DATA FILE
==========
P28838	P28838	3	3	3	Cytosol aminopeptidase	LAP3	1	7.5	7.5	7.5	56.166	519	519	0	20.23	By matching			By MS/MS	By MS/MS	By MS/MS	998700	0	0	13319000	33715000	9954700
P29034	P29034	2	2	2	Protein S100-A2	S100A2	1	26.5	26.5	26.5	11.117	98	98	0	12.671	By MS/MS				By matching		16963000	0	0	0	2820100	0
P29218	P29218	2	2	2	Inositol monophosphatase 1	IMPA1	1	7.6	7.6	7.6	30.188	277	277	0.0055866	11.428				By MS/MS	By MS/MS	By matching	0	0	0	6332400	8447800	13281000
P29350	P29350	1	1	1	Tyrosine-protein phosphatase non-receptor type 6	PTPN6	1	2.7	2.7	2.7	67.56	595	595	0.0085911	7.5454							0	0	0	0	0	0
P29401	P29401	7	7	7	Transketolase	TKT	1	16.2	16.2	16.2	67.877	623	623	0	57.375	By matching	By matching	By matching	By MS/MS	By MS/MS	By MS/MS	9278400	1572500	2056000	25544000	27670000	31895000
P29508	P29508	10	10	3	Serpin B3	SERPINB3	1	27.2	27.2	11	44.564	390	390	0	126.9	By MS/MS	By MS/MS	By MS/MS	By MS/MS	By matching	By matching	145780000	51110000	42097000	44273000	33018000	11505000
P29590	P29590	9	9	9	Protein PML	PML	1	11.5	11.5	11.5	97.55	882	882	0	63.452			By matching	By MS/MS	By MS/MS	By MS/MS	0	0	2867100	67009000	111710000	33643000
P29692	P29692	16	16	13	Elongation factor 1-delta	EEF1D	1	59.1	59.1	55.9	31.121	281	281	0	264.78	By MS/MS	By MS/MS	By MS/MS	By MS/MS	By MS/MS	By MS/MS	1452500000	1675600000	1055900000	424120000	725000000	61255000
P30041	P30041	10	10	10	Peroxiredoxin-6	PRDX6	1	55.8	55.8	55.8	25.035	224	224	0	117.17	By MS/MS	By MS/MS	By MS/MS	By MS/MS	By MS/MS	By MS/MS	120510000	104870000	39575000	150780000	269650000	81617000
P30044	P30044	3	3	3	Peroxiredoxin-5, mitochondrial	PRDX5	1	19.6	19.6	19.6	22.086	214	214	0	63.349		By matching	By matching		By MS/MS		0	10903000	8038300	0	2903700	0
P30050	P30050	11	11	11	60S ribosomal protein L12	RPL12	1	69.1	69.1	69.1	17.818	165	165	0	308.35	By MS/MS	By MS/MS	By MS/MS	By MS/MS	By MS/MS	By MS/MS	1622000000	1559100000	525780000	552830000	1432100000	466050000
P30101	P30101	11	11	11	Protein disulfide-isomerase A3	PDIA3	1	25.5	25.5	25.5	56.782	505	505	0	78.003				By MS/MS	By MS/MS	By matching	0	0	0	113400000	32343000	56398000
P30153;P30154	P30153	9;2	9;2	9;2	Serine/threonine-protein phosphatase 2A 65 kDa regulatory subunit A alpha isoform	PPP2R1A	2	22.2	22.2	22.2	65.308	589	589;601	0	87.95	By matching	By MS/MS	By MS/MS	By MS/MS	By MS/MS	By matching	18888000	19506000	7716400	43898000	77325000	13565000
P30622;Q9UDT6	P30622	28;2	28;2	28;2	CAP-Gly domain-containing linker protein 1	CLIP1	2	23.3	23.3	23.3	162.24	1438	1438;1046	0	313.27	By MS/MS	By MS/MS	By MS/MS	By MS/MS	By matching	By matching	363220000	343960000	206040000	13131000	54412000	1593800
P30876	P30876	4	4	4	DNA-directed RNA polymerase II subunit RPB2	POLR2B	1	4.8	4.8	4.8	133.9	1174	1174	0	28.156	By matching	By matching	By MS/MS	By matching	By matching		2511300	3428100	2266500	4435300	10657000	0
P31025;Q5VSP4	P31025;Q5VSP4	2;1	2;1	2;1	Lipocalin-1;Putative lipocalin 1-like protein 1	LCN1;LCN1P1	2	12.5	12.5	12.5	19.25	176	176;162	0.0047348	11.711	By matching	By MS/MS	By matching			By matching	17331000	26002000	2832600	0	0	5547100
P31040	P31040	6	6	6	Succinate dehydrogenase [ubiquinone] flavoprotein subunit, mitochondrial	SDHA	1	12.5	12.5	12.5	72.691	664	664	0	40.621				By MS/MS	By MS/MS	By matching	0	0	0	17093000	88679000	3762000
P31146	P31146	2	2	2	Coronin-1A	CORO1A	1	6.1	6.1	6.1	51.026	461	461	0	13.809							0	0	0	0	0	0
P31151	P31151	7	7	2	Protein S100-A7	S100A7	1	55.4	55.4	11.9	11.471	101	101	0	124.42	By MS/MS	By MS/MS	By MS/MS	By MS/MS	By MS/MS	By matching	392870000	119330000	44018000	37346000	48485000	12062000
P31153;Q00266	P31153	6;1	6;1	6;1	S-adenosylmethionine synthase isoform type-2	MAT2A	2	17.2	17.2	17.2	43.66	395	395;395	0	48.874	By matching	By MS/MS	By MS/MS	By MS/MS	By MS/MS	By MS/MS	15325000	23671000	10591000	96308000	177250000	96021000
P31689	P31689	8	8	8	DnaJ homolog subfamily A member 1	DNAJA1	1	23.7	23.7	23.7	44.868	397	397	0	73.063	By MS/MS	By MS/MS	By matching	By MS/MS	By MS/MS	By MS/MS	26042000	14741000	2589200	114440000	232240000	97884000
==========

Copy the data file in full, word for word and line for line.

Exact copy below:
P28838	P28838	3	3	3	Cytosol aminopeptidase	LAP3	1	7.5	7.5	7.5	56.166	519	519	0	20.23	By matching			By MS/MS	By MS/MS	By MS/MS	998700	0	0	13319000	33715000	9954700
P29034	P29034	2	2	2	Protein S100-A2	S100A2	1	26.5	26.5	26.5	11.117	98	98	0	12.671	By MS/MS				By matching		16963000	0	0	0	2820100	0
P29218	P29218	2	2	2	Inositol monophosphatase 1	IMPA1	1	7.6	7.6	7.6	30.188	277	277	0.0055866	11.428				By MS/MS	By MS/MS	By matching	0	0	0	6332400	8447800	13281000
P29350	P29350	1	1	1	Tyrosine-protein phosphatase non-receptor type 6	PTPN6	1	2.7	2.7	2.7	67.56	595	595	0.0085911	7.5454							0	0	0	0	0	0
P29401	P29401	7	7	7	Transketolase	TKT	1	16.2	16.2	16.2	67.877	623	623	0	57.375	By matching	By matching	By matching	By MS/MS	By MS/MS	By MS/MS	9278400	1572500	2056000	25544000	27670000	31895000
P29508	P29508	10	10	3	Serpin B3	SERPINB3	1	27.2	27.2	11	44.564	390	390	0	126.9	By MS/MS	By MS/MS	By MS/MS	By MS/MS	By matching	By matching	145780000	51110000	42097000	44273000	33018000	11505000
P29590	P29590	9	9	9	Protein PML	PML	1	11.5	11.5	11.5	97.55	882	882	0	63.452			By matching	By MS/MS	By MS/MS	By MS/MS	0	0	2867100	67009000	111710000	33643000
P29692	P29692	16	16	13	Elongation factor 1-delta	EEF1D	1	59.1	59.1	55.9	31.121	281	281	0	264.78	By MS/MS	By MS/MS	By MS/MS	By MS/MS	By MS/MS	By MS/MS	1452500000	1675600000	1055900000	424120000	725000000	61255000
P30041	P30041	10	10	10	Peroxiredoxin-6	PRDX6	1	55.8	55.8	55.8	25.035	224	224	0	117.17	By MS/MS	By MS/MS	By MS/MS	By MS/MS	By MS/MS	By MS/MS	120510000	104870000	39575000	150780000	269650000	81617000
P30044	P30044	3	3	3	Peroxiredoxin-5, mitochondrial	PRDX5	1	19.6	19.6	19.6	22.086	214	214	0	63.349		By matching	By matching		By MS/MS		0	10903000	8038300	0	2903700	0
P30050	P30050	11	11	11	60S ribosomal protein L12	RPL12	1	69.1	69.1	69.1	17.818	165	165	0	308.35	By MS/MS	By MS/MS	By MS/MS	By MS/MS	By MS/MS	By MS/MS	1622000000	1559100000	525780000	552830000	1432100000	466050000
P30101	P30101	11	11	11	Protein disulfide-isomerase A3	PDIA3	1	25.5	25.5	25.5	56.782	505	505	0	78.003				By MS/MS	By MS/MS	By matching	0	0	0	113400000	32343000	56398000
P30153;P30154	P30153	9;2	9;2	9;2	Serine/threonine-protein phosphatase 2A 65 kDa regulatory subunit A alpha isoform	PPP2R1A	2	22.2	22.2	22.2	65.308	589	589;601	0	87.95	By matching	By MS/MS	By MS/MS	By MS/MS	By MS/MS	By matching	18888000	19506000	7716400	43898000	77325000	13565000
P30622;Q9UDT6	P30622	28;2	28;2	28;2	CAP-Gly domain-containing linker protein 1	CLIP1	2	23.3	23.3	23.3	162.24	1438	1438;1046	0	313.27	By MS/MS	By MS/MS	By MS/MS	By MS/MS	By matching	By matching	363220000	343960000	206040000	13131000	54412000	1593800
P30876	P30876	4	4	4	DNA-directed RNA polymerase II subunit RPB2	POLR2B	1	4.8	4.8	4.8	133.9	1174	1174	0	28.156	By matching	By matching	By MS/MS	By matching	By matching		2511300	3428100	2266500	4435300	10657000	0
P31025;Q5VSP4	P31025;Q5VSP4	2;1	2;1	2;1	Lipocalin-1;Putative lipocalin 1-like protein 1	LCN1;LCN1P1	2	12.5	12.5	12.5	19.25	176	176;162	0.0047348	11.711	By matching	By MS/MS	By matching			By matching	17331000	26002000	2832600	0	0	5547100
P31040	P31040	6	6	6	Succinate dehydrogenase [ubiquinone] flavoprotein subunit, mitochondrial	SDHA	1	12.5	12.5	12.5	72.691	664	664	0	40.621				By MS/MS	By MS/MS	By matching	0	0	0	17093000	88679000	3762000
P31146	P31146	2	2	2	Coronin-1A	CORO1A	1	6.1	6.1	6.1	51.026	461	461	0	13.809							0	0	0	0	0	0
P31151	P31151	7	7	2	Protein S100-A7	S100A7	1	55.4	55.4	11.9	11.471	101	101	0	124.42	By MS/MS	By MS/MS	By MS/MS	By MS/MS	By MS/MS	By matching	392870000	119330000	44018000	37346000	48485000	12062000
P31153;Q00266	P31153	6;1	6;1	6;1	S-adenosylmethionine synthase isoform type-2	MAT2A	2	17.2	17.2	17.2	43.66	395	395;395	0	48.874	By matching	By MS/MS	By MS/MS	By MS/MS	By MS/MS	By MS/MS	15325000	23671000	10591000	96308000	177250000	96021000
P31689	P31689	8	8	8	DnaJ homolog subfamily A member 1	DNAJA1	1	23.7	23.7	23.7	44.868	397	397	0	73.063	By MS/MS	By MS/MS	By matching	By MS/MS	By MS/MS	By MS/MS	26042000	14741000	2589200	114440000	232240000	97884000